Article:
When the second and third acts start dishing out one plot twist after another, this film and its cloud of tension are as good as anything I have seen so far in 2016, but there are two impeccable reasons for this. The first is a heart-pounding musical score by Paul Hepker (Rendition). Several scenes build this aura of invisible claustrophobia around us, and that’s because Hepker expands the terror unfolding before our eyes and puts it in audio form, building and building each strike of the keys before the visual explosions on screen that push our senses to their peak. Paul’s final score during the third act summarized the very consequences on-screen, and the sorrow that we feel for the people caught in the crossfires who are victims of wrong place wrong time.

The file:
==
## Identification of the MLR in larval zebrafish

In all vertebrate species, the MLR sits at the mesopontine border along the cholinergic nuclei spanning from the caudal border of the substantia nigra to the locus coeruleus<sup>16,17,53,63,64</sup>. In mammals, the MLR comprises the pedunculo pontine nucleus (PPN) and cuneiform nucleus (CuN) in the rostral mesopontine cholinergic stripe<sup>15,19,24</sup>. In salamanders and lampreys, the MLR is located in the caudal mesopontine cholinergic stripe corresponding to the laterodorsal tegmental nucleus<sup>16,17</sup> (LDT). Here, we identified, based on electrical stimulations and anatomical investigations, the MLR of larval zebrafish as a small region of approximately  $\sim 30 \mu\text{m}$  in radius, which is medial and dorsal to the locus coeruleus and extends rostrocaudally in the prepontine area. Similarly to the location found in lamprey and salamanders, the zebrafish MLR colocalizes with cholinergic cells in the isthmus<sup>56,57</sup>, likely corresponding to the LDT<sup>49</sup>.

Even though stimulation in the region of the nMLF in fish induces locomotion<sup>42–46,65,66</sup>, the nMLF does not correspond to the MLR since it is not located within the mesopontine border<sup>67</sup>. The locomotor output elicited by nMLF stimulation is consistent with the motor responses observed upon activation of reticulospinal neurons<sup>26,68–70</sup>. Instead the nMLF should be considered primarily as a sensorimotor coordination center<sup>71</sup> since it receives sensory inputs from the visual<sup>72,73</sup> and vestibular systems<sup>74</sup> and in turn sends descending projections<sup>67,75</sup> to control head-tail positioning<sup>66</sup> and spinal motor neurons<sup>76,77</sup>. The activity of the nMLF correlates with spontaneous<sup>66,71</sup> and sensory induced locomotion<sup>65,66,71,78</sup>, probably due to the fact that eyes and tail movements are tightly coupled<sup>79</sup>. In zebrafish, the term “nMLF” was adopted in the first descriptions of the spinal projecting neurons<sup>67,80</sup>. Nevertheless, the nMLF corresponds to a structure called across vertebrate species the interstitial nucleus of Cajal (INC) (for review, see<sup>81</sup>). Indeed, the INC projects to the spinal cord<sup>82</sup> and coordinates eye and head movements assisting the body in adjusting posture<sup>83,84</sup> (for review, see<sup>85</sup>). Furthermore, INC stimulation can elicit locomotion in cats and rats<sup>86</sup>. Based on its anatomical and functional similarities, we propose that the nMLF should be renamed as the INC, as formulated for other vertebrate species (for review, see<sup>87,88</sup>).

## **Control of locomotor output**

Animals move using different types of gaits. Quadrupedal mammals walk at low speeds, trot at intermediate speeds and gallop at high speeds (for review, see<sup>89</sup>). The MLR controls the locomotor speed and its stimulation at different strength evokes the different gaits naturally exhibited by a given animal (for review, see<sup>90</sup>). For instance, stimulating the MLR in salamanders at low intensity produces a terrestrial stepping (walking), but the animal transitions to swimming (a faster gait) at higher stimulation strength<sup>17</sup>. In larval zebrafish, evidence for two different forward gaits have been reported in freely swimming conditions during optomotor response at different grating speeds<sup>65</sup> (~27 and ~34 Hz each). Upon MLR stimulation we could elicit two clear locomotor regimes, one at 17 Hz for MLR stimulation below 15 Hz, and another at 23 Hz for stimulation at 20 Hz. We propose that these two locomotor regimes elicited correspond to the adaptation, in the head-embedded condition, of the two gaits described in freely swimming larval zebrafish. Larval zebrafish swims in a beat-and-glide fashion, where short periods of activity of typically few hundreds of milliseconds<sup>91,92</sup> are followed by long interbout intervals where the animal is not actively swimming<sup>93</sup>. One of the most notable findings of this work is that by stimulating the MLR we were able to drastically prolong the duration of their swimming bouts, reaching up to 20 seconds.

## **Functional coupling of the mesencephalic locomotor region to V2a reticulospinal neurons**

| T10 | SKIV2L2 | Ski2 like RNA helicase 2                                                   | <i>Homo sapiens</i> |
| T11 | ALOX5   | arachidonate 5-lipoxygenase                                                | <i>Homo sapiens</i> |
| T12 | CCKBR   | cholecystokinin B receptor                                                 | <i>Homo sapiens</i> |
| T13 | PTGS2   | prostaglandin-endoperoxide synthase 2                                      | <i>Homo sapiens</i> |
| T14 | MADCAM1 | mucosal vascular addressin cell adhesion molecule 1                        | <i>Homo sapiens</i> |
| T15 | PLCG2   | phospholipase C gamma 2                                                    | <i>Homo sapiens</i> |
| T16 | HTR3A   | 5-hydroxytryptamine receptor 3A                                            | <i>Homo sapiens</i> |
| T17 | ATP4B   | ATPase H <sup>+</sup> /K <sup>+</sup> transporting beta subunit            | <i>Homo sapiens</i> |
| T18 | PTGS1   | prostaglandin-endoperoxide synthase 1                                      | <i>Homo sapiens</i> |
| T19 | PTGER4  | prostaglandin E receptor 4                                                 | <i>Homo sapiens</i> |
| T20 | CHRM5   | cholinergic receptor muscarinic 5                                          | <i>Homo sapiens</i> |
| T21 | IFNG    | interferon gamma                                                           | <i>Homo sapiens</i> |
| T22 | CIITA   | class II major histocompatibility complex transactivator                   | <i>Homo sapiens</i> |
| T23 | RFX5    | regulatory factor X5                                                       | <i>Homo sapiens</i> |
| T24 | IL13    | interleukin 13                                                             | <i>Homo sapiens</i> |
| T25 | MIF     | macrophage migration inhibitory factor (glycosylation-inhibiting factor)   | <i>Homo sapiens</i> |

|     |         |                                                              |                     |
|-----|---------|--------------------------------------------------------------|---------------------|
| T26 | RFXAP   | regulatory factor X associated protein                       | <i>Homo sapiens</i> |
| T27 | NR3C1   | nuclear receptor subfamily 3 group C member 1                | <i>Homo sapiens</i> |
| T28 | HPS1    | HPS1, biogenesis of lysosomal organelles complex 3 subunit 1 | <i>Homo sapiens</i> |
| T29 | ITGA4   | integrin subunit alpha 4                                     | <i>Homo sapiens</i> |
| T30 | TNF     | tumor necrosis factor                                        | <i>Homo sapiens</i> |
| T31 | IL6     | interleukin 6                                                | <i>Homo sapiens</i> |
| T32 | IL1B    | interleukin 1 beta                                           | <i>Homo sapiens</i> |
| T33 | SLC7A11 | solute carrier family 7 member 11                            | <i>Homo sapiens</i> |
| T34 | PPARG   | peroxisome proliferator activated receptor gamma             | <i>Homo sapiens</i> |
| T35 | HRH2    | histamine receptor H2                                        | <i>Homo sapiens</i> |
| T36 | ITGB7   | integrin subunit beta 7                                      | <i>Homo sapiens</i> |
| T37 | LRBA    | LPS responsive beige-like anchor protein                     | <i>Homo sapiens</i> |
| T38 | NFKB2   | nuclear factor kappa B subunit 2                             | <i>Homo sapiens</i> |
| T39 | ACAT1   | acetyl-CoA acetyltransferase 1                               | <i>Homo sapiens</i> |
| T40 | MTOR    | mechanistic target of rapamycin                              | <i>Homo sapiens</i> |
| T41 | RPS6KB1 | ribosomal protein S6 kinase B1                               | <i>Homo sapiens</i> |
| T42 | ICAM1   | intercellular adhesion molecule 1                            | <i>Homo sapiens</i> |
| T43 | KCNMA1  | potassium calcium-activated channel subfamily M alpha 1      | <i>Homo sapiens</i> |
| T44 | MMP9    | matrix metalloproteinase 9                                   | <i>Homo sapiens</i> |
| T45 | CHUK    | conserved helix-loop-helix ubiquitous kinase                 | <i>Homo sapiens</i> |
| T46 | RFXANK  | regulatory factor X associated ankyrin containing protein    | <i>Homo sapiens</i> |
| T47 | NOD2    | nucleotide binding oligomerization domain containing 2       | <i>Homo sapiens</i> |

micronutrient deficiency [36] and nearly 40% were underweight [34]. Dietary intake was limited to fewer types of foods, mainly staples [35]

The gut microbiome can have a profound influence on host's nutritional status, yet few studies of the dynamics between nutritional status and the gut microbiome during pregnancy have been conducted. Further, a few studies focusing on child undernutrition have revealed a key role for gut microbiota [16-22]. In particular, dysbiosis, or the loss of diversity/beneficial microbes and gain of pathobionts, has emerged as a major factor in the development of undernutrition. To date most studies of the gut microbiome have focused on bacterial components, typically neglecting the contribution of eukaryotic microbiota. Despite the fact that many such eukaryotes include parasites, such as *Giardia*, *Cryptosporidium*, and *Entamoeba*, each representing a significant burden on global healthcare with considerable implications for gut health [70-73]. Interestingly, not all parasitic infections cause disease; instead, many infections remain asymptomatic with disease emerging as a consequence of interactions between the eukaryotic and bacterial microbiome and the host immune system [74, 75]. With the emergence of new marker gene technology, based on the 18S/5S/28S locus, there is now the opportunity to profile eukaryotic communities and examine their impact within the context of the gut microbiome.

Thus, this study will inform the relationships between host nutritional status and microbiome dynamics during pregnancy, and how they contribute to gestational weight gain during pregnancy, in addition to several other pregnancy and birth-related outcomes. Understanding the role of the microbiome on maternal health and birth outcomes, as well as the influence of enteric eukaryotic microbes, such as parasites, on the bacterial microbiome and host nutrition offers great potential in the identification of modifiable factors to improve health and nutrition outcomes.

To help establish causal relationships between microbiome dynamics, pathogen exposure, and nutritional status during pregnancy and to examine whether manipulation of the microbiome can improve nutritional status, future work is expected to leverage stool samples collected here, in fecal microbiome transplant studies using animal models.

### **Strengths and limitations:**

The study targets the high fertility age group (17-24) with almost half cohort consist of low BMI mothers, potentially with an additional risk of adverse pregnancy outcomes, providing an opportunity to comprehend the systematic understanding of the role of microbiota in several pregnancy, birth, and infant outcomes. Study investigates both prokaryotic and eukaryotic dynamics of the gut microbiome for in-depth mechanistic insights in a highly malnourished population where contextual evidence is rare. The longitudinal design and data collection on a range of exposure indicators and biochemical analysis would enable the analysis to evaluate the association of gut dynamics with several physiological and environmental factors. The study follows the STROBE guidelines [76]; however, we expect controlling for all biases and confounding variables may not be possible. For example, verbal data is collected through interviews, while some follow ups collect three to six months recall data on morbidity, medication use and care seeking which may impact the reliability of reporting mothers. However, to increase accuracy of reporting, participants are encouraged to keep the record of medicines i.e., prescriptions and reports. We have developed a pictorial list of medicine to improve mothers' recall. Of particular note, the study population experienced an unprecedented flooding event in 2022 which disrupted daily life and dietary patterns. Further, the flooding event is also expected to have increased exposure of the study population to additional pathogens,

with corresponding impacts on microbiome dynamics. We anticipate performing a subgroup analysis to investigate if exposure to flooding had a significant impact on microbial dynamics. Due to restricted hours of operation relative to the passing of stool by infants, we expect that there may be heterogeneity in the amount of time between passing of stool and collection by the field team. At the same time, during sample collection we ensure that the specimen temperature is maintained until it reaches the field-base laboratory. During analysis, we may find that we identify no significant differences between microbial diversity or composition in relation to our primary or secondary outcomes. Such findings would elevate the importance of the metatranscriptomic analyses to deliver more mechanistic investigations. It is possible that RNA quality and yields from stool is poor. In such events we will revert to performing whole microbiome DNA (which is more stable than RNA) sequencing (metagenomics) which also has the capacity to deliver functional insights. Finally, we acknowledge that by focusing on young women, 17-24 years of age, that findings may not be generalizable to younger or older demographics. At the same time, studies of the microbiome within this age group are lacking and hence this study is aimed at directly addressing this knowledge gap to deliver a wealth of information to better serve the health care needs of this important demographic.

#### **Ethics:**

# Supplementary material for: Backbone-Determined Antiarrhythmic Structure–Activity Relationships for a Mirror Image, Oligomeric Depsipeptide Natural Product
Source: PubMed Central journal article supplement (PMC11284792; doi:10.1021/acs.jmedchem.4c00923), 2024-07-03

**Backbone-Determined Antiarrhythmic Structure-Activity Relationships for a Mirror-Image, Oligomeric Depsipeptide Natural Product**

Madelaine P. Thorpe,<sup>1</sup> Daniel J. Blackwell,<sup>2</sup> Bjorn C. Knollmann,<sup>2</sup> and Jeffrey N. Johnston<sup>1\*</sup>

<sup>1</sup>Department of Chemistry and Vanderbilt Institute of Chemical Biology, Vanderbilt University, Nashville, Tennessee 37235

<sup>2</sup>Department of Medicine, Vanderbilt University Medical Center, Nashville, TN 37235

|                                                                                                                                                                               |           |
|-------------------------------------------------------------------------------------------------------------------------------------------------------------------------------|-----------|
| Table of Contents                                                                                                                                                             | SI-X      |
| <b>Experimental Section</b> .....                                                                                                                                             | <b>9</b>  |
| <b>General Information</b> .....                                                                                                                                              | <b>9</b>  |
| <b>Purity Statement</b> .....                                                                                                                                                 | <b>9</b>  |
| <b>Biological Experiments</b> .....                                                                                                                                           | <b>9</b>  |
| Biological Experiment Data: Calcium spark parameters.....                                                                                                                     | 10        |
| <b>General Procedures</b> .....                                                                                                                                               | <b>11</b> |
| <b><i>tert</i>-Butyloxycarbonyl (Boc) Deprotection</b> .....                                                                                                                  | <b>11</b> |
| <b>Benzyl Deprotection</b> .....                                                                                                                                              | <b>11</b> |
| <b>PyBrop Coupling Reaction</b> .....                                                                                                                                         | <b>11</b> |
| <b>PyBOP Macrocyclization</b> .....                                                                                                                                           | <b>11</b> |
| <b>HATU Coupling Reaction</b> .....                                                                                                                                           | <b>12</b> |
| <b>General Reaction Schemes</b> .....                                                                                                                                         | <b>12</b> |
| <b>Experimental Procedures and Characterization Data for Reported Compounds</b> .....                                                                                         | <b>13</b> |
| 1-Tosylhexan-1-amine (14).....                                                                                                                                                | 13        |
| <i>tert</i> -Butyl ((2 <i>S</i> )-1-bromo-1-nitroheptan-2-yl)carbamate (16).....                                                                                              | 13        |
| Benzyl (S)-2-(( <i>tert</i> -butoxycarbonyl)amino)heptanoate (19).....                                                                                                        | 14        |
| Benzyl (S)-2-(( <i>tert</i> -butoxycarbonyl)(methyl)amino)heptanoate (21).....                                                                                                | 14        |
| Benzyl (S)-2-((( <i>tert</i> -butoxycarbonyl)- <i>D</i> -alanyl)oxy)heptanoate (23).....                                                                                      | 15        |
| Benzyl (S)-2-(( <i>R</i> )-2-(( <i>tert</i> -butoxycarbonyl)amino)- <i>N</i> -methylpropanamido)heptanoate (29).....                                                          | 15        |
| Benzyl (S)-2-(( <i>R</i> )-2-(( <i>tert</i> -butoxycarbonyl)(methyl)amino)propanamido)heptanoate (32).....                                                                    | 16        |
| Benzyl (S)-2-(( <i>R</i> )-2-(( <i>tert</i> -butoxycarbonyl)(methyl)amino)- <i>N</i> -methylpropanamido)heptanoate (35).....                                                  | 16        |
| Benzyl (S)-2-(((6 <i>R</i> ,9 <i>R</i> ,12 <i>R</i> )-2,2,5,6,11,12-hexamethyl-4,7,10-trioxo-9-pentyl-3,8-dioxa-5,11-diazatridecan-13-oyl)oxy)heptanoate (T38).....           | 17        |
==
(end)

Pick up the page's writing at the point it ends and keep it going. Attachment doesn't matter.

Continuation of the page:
The second thing comes from a timeshare of exceptional performances from a strong veteran cast. Helen Mirren captivates as this colonel who is a little too eager to always push the trigger. Her character has good intentions, but she is a victim of being in the board room for too long, so she doesn’t always see the terrors unfolding on the ground beneath her. Aaron Paul also continues to add to a stellar decade that has him expanding his acting horizons. Aaron showcased great visual reactions, and the movie uses this depth to label him as the voice of reason within this growing cast of characters. His transformation from beginning to end is something to admire and feel great apathy for by the time it’s all said and done. The best performance for me though, came from Alan Rickman and his final live action role before his untimely death this year. Rickman’s performance serves as a reminder to just how many emotions he was capable of expulsing from the audience. He could make you laugh, cry, love and hate him at the same time, and there’s so much to his role in this movie that communicates to us that this is a man who has been at the helm of this job for far too long. Rickman’s role is one of great calculation, as well as taking the lives of every citizen in his country, and deciding what is best for them. Alan plays it with a stern command, while also offering a pleasing underbelly of great sarcasm that he has been known to shine for.